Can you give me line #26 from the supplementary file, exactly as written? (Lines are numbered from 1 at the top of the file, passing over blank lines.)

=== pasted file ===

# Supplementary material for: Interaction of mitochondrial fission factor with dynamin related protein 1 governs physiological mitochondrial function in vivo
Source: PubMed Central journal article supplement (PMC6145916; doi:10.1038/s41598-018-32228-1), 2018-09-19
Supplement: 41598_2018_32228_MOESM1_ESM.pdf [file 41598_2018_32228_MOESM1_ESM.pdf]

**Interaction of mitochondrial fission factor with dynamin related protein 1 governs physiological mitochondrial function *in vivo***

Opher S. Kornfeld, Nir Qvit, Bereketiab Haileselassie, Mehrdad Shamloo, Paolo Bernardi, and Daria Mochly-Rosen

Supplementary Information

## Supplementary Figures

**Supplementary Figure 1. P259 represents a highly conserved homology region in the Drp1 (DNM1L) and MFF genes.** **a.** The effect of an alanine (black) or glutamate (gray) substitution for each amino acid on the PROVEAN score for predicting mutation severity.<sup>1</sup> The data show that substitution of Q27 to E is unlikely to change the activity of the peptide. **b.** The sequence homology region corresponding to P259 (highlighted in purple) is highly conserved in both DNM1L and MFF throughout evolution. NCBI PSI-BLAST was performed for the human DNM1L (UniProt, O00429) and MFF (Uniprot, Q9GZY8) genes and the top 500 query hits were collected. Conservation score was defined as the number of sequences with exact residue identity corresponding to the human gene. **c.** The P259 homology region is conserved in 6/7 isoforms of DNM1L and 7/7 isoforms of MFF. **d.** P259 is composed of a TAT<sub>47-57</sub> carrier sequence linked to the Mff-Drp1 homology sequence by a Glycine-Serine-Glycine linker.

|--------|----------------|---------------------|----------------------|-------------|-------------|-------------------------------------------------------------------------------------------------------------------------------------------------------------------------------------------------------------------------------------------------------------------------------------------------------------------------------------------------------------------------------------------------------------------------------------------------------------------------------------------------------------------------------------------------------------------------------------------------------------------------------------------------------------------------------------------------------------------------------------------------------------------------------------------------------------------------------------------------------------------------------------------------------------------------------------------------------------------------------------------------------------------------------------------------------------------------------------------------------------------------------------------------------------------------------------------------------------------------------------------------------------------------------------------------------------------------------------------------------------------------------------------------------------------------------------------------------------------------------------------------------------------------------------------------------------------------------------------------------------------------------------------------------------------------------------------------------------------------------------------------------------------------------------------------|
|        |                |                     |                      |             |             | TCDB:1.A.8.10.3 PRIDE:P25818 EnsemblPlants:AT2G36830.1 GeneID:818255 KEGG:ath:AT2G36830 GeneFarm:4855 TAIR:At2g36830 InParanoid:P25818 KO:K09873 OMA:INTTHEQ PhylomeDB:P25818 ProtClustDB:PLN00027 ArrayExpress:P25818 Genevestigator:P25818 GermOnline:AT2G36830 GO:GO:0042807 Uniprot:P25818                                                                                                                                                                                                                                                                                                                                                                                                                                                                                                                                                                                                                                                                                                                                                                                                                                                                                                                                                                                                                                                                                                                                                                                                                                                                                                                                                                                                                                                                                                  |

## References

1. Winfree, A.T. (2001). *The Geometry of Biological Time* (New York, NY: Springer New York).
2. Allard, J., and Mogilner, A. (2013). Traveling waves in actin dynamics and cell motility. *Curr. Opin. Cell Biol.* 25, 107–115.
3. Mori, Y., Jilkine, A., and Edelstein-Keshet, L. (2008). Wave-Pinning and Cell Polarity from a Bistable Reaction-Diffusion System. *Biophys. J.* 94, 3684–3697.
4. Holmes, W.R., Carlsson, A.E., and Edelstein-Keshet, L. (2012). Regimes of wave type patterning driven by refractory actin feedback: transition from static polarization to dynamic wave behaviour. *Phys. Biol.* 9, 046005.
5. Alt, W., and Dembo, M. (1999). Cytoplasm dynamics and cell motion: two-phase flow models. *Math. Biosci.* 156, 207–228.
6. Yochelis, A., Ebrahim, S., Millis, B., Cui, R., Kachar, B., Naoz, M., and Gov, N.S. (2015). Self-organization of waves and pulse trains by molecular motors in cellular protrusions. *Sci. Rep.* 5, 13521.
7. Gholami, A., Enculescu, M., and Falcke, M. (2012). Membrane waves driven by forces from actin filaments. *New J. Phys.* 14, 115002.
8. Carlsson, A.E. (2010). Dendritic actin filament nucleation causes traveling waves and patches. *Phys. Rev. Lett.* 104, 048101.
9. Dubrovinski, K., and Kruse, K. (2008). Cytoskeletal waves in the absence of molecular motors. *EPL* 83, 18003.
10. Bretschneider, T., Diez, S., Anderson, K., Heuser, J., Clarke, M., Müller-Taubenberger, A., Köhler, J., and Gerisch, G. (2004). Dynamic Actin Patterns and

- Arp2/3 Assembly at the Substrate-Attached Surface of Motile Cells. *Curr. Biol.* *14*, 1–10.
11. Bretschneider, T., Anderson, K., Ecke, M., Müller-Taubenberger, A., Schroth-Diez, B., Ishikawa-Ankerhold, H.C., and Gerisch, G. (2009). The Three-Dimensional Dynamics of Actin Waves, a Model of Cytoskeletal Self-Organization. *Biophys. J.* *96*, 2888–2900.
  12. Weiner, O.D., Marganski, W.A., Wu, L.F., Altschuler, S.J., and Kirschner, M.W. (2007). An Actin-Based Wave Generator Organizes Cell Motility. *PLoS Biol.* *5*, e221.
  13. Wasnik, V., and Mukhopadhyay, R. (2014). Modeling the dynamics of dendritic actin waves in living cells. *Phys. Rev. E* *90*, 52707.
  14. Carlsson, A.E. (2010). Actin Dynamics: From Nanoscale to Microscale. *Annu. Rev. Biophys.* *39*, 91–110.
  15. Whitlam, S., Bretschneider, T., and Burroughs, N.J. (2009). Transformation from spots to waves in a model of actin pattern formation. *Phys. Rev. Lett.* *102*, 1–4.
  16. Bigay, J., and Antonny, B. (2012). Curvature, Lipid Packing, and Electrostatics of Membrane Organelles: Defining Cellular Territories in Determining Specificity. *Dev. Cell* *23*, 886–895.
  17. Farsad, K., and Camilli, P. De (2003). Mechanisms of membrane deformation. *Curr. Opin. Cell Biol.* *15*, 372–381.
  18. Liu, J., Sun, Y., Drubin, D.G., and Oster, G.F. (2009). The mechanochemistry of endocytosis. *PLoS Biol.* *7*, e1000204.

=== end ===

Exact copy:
  14. Carlsson, A.E. (2010). Actin Dynamics: From Nanoscale to Microscale. *Annu. Rev. Biophys.* *39*, 91–110.